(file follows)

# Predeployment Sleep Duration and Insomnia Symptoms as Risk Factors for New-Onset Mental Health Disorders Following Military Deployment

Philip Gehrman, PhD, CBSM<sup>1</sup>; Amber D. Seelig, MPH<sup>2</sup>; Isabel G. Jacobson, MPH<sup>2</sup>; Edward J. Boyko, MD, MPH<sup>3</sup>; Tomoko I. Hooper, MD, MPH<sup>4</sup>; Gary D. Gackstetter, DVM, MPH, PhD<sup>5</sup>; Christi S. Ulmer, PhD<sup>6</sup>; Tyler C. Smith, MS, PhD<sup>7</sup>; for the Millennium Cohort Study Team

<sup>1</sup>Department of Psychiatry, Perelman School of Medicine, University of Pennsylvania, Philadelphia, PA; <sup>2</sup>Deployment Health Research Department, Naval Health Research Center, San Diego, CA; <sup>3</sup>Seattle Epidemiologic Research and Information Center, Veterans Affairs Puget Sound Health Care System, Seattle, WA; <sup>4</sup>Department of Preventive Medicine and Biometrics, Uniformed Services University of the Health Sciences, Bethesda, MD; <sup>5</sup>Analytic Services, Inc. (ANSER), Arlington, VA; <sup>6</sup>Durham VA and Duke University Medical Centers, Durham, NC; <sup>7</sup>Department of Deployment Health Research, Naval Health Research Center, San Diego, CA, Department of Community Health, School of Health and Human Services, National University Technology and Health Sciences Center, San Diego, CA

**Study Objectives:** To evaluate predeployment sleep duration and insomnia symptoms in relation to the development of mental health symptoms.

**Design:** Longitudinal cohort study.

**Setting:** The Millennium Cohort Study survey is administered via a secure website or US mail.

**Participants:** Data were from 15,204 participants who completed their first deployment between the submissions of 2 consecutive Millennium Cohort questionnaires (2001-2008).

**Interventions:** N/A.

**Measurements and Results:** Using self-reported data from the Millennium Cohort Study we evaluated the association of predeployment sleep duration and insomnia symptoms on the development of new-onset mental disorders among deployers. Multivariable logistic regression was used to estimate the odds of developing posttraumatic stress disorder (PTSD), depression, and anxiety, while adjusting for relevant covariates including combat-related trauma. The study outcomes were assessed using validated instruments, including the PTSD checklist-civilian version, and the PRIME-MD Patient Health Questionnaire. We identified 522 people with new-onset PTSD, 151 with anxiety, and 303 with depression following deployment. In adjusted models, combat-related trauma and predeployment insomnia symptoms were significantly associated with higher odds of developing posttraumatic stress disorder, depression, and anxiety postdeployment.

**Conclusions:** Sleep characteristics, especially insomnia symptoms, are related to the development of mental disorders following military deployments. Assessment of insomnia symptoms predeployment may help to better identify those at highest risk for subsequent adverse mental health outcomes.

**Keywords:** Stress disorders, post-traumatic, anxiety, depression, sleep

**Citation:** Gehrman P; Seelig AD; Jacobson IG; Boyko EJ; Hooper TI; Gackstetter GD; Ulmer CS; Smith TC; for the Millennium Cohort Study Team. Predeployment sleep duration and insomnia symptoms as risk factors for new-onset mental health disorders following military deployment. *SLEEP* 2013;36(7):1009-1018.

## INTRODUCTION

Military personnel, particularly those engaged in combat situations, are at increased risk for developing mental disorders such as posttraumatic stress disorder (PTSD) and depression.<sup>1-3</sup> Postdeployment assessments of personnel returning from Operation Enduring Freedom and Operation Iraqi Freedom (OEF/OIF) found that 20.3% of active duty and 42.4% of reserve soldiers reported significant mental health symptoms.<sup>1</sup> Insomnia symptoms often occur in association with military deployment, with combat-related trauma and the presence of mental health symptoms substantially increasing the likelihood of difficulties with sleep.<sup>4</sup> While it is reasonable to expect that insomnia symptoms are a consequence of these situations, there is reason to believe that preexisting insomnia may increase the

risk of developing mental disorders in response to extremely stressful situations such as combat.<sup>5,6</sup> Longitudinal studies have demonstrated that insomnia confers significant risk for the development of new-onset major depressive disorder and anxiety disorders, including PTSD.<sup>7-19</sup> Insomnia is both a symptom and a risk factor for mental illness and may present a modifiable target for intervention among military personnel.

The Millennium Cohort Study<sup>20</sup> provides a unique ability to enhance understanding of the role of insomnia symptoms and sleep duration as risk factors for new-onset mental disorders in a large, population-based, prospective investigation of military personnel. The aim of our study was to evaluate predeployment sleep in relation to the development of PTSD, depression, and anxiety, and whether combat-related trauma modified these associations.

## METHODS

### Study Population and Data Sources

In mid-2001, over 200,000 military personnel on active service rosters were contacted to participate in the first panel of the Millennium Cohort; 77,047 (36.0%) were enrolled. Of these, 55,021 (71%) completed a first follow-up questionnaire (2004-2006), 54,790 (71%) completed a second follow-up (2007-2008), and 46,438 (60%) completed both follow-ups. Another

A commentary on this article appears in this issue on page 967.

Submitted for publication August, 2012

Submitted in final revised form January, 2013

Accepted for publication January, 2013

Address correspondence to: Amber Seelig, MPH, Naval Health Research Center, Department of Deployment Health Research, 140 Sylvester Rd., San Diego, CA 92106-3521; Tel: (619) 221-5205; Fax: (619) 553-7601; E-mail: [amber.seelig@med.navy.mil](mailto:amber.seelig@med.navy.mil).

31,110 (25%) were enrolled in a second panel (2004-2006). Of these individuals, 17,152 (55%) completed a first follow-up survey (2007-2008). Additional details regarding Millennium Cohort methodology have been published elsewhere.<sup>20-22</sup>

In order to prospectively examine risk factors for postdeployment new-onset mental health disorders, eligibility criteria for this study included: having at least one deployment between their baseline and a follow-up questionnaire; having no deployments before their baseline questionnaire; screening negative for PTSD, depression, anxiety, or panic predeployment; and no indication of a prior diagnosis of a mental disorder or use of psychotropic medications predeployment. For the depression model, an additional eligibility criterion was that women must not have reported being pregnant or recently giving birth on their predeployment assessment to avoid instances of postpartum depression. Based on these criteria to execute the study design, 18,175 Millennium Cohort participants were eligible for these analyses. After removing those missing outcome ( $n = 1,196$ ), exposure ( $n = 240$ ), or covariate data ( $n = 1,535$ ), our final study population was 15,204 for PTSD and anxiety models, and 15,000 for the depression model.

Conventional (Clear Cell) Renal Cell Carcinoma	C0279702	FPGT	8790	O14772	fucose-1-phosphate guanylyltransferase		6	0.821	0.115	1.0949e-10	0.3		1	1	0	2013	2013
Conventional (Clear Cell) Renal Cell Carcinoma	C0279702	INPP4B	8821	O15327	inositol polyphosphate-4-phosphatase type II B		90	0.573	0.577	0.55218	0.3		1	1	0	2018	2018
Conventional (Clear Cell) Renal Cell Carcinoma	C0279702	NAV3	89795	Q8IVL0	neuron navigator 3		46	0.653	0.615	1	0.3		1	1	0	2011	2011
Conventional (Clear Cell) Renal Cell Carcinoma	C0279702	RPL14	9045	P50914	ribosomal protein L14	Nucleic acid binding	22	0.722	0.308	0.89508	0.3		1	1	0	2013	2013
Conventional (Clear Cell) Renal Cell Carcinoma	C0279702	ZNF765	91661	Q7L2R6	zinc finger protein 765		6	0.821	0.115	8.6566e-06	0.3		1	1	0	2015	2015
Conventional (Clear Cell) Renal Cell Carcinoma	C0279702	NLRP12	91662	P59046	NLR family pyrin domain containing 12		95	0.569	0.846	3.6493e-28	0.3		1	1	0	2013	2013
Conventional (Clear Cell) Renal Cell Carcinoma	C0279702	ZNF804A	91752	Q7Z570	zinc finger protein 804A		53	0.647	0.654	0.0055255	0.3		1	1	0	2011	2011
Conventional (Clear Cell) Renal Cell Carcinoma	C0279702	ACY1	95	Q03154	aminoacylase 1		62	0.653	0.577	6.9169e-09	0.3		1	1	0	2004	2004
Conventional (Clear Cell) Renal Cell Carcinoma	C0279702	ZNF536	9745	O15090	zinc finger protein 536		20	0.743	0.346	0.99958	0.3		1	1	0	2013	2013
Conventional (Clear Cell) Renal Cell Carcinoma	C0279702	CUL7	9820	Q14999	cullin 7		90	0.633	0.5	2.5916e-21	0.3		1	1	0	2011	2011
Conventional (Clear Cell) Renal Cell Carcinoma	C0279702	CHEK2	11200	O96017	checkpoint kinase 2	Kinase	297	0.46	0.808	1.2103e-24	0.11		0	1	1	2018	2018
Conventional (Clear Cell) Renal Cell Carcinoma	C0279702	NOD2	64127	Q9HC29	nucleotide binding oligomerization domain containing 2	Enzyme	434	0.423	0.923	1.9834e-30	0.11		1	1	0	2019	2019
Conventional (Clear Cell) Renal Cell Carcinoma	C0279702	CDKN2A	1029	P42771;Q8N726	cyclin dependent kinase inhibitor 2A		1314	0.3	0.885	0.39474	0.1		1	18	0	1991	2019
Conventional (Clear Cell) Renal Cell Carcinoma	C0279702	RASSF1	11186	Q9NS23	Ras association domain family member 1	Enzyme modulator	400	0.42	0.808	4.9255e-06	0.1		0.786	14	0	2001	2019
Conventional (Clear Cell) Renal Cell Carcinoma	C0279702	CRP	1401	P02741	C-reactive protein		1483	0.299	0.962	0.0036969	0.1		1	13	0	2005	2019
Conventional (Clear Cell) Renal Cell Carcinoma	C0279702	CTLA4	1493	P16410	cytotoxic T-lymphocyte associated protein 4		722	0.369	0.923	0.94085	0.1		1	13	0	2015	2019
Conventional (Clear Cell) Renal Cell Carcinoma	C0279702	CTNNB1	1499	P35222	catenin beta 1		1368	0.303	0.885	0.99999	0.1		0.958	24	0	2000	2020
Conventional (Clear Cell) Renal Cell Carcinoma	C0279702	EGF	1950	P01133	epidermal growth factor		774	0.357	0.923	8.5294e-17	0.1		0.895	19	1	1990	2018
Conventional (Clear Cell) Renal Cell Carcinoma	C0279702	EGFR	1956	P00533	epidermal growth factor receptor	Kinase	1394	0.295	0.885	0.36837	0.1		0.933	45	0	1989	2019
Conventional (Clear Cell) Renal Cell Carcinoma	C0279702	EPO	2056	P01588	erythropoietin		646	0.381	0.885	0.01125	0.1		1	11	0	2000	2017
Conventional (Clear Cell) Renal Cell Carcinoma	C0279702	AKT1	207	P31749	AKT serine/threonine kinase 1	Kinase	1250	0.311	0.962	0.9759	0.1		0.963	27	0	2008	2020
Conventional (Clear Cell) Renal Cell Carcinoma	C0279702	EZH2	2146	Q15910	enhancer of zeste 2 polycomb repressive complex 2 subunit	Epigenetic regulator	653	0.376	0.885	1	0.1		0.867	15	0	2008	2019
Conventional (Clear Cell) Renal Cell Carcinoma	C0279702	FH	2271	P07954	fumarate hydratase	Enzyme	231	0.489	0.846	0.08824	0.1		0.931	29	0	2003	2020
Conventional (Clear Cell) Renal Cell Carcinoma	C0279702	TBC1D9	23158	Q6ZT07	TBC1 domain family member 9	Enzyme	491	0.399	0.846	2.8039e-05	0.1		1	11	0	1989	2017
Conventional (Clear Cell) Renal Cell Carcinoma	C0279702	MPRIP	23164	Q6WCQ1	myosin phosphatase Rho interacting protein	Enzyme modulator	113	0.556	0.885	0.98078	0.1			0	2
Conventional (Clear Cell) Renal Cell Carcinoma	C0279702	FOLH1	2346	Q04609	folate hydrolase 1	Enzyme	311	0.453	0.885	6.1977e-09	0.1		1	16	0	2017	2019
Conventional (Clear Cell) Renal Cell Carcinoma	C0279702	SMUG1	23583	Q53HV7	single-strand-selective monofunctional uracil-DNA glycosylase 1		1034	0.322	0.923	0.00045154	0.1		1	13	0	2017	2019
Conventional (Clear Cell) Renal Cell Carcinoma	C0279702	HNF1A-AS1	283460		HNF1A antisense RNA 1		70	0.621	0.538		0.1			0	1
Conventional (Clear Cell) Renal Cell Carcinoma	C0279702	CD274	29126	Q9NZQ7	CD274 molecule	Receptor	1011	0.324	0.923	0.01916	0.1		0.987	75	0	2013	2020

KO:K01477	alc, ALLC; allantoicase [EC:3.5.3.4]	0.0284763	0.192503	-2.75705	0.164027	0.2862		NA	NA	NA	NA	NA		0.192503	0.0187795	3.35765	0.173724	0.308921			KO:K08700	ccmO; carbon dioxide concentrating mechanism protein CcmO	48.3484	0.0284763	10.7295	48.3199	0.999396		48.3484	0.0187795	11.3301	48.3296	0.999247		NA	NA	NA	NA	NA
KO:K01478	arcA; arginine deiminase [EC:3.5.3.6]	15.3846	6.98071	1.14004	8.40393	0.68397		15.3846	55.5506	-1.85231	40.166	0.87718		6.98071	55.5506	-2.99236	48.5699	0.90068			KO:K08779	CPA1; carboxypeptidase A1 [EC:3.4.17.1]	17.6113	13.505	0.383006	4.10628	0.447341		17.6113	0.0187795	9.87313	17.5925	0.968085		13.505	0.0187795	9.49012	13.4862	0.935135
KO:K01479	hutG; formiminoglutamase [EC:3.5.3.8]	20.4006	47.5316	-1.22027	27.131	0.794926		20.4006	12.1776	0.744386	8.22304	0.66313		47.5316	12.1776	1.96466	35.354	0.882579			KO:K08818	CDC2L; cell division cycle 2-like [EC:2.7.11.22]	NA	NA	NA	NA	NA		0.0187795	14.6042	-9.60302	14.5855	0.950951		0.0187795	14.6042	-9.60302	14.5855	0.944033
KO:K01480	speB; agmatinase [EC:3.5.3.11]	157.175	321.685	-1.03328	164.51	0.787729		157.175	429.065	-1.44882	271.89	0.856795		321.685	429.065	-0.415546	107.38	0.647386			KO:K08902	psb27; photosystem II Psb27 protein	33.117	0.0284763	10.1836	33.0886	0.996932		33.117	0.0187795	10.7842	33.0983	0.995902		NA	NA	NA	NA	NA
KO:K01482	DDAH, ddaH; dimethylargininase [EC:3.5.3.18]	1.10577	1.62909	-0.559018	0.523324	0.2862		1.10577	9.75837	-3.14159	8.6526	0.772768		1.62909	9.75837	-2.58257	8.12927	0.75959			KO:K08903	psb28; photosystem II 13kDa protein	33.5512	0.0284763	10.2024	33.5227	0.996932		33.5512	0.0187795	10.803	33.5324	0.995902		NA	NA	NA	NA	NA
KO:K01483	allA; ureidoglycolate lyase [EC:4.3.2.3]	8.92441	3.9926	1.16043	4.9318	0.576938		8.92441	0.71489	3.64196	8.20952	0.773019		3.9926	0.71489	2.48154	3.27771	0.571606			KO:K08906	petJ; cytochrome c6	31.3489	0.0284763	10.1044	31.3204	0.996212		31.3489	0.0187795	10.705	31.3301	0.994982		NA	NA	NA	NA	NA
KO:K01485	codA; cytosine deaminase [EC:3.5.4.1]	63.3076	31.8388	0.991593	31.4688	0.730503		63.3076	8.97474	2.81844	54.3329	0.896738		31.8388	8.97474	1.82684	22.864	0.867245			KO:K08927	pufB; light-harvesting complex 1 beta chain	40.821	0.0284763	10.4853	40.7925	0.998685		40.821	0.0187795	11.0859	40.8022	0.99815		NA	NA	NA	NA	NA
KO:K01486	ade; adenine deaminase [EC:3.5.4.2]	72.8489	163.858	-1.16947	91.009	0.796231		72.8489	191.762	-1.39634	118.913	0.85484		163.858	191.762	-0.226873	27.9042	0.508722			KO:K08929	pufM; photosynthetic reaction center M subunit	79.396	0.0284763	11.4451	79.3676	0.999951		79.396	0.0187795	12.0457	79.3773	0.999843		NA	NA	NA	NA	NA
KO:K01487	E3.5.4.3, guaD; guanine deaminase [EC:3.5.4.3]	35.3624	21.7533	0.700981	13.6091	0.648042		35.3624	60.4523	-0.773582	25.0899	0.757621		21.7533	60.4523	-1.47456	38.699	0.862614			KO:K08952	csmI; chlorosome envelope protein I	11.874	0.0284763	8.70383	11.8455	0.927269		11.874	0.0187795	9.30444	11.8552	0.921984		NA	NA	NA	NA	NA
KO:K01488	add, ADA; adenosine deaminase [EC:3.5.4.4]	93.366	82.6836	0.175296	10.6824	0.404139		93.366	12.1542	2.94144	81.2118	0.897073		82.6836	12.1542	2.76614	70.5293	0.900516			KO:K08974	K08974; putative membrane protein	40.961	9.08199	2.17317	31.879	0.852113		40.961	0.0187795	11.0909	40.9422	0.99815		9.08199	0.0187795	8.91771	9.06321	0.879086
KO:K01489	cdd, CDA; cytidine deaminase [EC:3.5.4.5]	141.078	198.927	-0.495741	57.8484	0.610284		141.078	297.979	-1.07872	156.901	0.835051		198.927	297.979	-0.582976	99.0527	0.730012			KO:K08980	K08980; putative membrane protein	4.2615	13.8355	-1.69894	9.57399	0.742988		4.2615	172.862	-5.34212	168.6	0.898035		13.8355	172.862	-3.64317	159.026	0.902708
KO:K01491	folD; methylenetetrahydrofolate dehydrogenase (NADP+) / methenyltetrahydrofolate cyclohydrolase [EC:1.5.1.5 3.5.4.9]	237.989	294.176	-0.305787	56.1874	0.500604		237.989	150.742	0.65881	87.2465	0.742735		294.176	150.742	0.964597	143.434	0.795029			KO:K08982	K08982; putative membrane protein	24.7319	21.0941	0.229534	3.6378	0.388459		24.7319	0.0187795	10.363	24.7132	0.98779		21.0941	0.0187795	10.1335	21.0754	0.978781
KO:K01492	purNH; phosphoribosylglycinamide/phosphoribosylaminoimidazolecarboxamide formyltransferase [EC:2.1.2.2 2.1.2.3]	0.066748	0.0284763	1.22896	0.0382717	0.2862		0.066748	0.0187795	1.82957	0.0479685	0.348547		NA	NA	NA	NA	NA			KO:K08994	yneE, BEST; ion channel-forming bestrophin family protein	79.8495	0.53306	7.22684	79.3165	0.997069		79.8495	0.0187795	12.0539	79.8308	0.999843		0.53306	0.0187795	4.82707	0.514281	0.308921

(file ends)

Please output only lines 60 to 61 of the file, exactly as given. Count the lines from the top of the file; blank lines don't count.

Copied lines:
KO:K01482	DDAH, ddaH; dimethylargininase [EC:3.5.3.18]	1.10577	1.62909	-0.559018	0.523324	0.2862		1.10577	9.75837	-3.14159	8.6526	0.772768		1.62909	9.75837	-2.58257	8.12927	0.75959			KO:K08903	psb28; photosystem II 13kDa protein	33.5512	0.0284763	10.2024	33.5227	0.996932		33.5512	0.0187795	10.803	33.5324	0.995902		NA	NA	NA	NA	NA
KO:K01483	allA; ureidoglycolate lyase [EC:4.3.2.3]	8.92441	3.9926	1.16043	4.9318	0.576938		8.92441	0.71489	3.64196	8.20952	0.773019		3.9926	0.71489	2.48154	3.27771	0.571606			KO:K08906	petJ; cytochrome c6	31.3489	0.0284763	10.1044	31.3204	0.996212		31.3489	0.0187795	10.705	31.3301	0.994982		NA	NA	NA	NA	NA